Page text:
Dutch Scholar Nikolaos van Dam: Syria in Dilemma

Dutch

London- Syria is in a dilemma since the regime is unwilling to allow any true participation in the authority and the only way to change the regime was through military intervention – which has brought disasters in other countries, said Dutch scholar Nikolaos van Dam to Asharq Al-Awsat.

However, he added that the fact that western states have changed their attitude towards Bashar al-Assad and accepted that he remains during the transitional phase opens the door to test the settlement.

“Everyone who knows Syria and its regime’s structure is aware that Assad will stay unless obliged by military force to leave,” said van Dam as he differentiated between the Syrian regime and other regimes with two things: the formation of armed forces and intelligence bodies and the minority intellect.

“When the minority senses that it is threatened – whether true or not – it becomes more coherent,” he added.

Yet, van Dam who published his book “The Struggle for Power in Syria” decades before, pointed out that the regime is no more fortified against the interior.

“Many in the regime and army are discontent of how things went. There is always a possibility of something happening, but the problem is that the Alawite captains are the most capable to carry out a coup… If they do so, will they get full support from the army?” he questioned.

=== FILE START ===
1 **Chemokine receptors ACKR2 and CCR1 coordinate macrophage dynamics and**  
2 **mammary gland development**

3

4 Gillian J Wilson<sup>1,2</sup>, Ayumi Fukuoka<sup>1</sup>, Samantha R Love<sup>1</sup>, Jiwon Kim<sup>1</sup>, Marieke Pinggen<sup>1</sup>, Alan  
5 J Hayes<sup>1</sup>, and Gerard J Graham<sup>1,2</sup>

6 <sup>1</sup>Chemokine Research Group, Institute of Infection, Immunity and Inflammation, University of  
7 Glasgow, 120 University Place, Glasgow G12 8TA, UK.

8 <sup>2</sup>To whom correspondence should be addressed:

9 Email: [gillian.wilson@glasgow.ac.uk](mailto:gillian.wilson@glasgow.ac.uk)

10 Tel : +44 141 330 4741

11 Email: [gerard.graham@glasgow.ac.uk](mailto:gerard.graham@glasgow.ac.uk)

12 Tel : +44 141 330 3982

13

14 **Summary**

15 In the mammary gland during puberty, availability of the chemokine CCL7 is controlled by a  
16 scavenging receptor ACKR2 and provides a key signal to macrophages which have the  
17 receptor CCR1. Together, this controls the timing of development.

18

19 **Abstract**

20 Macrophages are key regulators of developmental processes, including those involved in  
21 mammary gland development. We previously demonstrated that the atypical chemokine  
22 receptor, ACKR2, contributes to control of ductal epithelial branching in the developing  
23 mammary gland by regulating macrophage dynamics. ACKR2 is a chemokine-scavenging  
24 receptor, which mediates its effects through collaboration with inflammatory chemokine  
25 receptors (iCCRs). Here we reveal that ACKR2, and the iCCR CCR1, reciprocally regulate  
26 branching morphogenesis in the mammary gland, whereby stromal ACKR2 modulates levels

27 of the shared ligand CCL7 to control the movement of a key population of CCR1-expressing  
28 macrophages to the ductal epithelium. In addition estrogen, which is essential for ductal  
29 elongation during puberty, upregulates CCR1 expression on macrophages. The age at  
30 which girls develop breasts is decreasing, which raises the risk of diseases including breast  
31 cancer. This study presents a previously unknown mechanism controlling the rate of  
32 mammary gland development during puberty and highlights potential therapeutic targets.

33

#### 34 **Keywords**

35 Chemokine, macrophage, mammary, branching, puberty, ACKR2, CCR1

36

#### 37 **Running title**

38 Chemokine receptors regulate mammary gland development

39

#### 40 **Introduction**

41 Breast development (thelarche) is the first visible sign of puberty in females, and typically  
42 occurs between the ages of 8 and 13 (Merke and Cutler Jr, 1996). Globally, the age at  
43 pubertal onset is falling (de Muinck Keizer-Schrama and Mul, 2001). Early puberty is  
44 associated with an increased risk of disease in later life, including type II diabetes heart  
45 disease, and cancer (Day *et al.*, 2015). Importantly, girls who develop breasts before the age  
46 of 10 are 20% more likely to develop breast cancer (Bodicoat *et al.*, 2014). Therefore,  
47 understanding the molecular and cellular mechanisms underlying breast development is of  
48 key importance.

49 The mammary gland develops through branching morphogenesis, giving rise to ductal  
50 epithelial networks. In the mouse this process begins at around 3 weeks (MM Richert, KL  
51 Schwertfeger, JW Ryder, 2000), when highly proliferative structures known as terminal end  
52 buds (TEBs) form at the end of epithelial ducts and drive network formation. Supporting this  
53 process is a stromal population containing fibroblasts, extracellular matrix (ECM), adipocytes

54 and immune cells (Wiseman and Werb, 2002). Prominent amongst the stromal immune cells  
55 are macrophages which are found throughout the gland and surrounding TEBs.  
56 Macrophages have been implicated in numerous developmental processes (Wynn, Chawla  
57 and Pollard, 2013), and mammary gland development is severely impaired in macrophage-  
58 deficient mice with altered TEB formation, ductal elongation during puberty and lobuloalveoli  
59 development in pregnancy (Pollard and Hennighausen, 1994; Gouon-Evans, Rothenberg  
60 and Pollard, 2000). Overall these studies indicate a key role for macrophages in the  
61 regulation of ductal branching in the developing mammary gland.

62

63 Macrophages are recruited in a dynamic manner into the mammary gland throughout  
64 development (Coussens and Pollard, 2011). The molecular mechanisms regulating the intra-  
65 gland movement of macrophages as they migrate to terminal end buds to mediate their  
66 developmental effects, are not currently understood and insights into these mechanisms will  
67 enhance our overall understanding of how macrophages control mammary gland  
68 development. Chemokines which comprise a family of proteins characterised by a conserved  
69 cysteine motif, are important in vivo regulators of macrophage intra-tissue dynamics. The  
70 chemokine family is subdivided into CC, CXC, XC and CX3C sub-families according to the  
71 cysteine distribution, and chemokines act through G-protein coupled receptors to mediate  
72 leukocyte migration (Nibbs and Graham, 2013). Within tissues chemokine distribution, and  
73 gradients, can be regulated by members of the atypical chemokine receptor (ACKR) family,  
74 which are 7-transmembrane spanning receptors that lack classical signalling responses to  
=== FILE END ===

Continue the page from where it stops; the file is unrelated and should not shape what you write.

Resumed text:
One of the suggested resolutions for Syria is to adopt administration decentralization with keeping centralization in Damascus, van Dam added as he stressed that the regime won’t approve anything that threatens its power.

He was previously a Dutch Ambassador to Egypt and Turkey and a former envoy to Syria – he also published lately his book “Destroying a Nation”.

“How do you see the fact that British Secretary of State for Foreign and Commonwealth Affairs Boris Johnson accepted the departure of Assad within a transitional phase while his French counterpart said that the priority is to fight ISIS?” asked Asharq Al-Awsat newspaper.

“They should have thought of this six years ago because one of the difficulties in the Syrian negotiations is the pre-condition of Assad absence. With such a condition, Assad won’t accept to negotiate,” he replied.

“But the case was different in 2011, there was an Arab Spring,” commented the newspaper. He replied, “True, it was different and there was no bloodshed. They said that Assad is illegal and should depart but this is wrong – in my opinion. Everyone who knows Syria and its regime structure would be aware that this wont happen if not forced militarily.”

“Western states thought that Assad will depart as Hosni Mubarak and Zine el-Abidine Ben Ali did,” he continued.